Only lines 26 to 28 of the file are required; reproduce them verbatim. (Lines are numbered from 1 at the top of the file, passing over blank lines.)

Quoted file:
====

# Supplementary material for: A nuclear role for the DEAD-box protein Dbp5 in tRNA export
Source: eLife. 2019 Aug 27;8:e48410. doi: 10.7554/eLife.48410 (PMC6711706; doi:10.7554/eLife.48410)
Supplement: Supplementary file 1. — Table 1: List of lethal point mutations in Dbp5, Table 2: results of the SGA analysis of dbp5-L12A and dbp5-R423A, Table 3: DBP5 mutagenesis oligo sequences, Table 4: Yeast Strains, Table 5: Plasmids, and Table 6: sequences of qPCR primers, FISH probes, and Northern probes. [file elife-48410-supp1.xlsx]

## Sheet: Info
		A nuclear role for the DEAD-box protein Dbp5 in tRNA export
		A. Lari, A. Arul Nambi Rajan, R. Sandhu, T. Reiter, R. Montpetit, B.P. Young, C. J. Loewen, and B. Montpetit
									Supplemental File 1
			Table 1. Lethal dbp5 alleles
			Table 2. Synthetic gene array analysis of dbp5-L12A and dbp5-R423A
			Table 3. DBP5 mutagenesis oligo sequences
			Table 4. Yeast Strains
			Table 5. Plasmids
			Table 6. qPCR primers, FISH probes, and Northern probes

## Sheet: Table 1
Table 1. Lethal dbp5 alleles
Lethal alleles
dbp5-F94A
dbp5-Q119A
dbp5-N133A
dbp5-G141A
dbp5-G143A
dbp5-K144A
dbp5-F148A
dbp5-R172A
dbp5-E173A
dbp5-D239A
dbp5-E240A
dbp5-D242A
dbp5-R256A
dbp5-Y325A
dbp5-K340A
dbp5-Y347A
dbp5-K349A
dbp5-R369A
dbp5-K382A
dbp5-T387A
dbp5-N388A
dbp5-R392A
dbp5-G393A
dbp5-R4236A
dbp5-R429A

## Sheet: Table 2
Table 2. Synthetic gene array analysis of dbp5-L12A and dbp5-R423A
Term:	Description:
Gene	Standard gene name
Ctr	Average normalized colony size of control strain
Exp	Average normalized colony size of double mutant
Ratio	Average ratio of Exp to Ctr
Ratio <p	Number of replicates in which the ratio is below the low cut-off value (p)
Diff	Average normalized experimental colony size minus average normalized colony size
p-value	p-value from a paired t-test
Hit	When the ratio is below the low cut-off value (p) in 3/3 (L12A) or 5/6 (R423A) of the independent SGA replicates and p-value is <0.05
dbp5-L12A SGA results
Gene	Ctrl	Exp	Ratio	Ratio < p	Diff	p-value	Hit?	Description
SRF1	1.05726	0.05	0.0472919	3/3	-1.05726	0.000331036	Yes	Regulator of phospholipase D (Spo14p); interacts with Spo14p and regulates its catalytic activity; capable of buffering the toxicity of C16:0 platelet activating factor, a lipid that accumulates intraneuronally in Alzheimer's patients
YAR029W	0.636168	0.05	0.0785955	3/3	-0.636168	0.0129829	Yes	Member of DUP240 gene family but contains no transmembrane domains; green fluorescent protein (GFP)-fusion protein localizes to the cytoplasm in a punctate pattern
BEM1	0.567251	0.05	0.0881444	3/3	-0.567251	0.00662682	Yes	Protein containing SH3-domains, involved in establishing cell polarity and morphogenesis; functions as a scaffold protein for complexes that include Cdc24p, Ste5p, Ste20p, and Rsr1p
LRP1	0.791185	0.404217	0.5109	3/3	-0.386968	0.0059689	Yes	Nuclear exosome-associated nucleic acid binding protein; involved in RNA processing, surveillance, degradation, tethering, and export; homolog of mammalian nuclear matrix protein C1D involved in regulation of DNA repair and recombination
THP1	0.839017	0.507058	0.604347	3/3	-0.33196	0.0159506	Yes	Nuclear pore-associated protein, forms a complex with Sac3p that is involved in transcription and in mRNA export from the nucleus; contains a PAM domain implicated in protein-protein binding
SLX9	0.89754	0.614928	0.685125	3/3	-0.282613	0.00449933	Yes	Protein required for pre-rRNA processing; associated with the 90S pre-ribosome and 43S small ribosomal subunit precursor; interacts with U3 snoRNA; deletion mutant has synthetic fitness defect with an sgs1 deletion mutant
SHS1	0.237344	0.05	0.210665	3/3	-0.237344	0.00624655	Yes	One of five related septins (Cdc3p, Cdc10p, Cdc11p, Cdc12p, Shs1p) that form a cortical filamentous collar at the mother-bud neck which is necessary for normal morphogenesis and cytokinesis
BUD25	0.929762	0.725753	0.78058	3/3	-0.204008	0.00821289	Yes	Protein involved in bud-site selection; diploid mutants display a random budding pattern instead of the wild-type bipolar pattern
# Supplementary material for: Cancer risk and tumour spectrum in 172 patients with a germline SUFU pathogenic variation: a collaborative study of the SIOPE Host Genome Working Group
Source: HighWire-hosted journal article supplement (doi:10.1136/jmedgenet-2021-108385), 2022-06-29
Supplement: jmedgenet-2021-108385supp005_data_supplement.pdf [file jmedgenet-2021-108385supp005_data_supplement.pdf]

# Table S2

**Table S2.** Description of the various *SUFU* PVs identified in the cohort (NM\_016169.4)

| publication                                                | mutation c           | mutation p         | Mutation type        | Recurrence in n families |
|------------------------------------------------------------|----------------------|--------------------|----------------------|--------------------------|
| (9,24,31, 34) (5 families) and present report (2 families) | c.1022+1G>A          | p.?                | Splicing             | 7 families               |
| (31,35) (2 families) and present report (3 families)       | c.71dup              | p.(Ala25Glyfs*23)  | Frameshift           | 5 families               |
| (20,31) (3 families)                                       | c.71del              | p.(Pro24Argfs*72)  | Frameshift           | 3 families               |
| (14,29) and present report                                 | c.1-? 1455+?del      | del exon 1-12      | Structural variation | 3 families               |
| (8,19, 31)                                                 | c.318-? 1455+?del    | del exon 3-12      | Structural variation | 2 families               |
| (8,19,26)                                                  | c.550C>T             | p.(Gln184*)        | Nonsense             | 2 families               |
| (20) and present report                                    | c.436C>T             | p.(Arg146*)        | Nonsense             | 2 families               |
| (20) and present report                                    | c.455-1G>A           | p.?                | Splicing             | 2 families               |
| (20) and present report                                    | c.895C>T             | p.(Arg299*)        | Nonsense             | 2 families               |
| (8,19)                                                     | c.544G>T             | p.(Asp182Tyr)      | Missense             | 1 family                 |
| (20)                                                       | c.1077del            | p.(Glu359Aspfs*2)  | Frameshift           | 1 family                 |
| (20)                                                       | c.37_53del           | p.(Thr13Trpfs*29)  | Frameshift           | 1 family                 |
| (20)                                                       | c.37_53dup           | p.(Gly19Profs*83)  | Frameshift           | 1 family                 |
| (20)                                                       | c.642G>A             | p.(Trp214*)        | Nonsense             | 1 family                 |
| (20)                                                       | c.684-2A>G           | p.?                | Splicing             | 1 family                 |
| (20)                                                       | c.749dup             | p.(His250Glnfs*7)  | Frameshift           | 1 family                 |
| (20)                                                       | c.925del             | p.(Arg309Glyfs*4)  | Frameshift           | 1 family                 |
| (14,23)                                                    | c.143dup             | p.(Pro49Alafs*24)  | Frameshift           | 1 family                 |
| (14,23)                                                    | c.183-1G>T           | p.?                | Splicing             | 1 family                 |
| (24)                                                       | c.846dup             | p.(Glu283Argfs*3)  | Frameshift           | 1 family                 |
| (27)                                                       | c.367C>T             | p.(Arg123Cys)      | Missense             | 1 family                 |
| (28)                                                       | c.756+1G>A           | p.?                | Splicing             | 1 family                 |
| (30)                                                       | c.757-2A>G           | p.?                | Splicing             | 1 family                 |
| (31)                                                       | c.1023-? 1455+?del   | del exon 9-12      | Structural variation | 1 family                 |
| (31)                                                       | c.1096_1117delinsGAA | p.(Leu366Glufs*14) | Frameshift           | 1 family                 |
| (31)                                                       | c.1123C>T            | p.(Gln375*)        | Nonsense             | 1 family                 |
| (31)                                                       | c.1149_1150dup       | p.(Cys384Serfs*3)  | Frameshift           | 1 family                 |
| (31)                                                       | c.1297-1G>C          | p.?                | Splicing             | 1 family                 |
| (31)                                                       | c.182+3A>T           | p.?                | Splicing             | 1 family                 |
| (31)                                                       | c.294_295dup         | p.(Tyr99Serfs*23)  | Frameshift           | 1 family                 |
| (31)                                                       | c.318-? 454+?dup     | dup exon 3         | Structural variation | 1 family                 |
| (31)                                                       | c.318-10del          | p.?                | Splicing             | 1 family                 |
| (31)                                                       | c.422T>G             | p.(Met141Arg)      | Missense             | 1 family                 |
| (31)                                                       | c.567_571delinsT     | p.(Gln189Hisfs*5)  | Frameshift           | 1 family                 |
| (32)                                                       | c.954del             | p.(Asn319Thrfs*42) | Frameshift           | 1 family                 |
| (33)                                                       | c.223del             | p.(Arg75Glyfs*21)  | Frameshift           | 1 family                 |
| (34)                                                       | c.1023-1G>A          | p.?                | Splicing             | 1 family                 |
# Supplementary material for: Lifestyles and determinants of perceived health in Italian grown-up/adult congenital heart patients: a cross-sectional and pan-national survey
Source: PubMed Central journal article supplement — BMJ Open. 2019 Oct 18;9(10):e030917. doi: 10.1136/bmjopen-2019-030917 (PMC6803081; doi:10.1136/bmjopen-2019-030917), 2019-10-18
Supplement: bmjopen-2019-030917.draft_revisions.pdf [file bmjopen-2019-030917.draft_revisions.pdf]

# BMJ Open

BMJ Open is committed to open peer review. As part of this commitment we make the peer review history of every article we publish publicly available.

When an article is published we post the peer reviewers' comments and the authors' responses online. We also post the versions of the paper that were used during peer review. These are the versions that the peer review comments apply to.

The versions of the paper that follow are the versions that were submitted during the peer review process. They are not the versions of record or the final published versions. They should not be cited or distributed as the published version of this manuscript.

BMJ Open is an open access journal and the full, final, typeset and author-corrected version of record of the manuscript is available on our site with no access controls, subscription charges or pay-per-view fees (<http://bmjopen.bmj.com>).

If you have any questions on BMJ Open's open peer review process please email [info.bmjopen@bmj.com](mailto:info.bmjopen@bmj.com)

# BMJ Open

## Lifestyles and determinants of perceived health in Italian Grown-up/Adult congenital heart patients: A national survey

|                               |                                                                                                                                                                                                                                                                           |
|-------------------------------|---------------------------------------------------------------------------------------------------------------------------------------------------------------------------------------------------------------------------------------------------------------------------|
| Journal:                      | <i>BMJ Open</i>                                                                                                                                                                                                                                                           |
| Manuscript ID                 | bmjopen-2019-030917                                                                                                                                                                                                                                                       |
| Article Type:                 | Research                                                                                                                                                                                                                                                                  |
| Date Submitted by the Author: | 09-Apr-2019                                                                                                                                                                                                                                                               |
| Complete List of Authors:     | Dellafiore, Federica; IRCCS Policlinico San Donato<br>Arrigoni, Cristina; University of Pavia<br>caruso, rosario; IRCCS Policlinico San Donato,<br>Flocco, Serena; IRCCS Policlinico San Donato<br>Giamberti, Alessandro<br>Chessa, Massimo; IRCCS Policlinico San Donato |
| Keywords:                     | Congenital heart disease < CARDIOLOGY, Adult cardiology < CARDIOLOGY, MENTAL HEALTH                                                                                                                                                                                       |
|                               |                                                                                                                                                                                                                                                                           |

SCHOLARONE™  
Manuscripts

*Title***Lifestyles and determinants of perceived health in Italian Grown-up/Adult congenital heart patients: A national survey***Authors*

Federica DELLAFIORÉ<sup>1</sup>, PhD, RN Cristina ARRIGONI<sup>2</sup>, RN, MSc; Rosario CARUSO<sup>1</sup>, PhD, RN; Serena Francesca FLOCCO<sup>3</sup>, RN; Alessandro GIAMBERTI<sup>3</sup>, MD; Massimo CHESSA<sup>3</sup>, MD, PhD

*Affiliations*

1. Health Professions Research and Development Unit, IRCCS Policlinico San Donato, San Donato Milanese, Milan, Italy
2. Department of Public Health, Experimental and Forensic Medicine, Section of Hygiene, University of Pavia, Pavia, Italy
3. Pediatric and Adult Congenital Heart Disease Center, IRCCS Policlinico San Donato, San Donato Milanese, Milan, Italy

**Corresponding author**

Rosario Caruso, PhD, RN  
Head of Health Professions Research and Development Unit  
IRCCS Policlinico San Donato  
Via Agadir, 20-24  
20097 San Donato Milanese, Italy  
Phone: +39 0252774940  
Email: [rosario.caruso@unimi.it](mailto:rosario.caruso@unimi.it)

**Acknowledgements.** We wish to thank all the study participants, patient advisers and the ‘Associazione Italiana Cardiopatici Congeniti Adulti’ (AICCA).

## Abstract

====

dbp5-D239A
dbp5-E240A
dbp5-D242A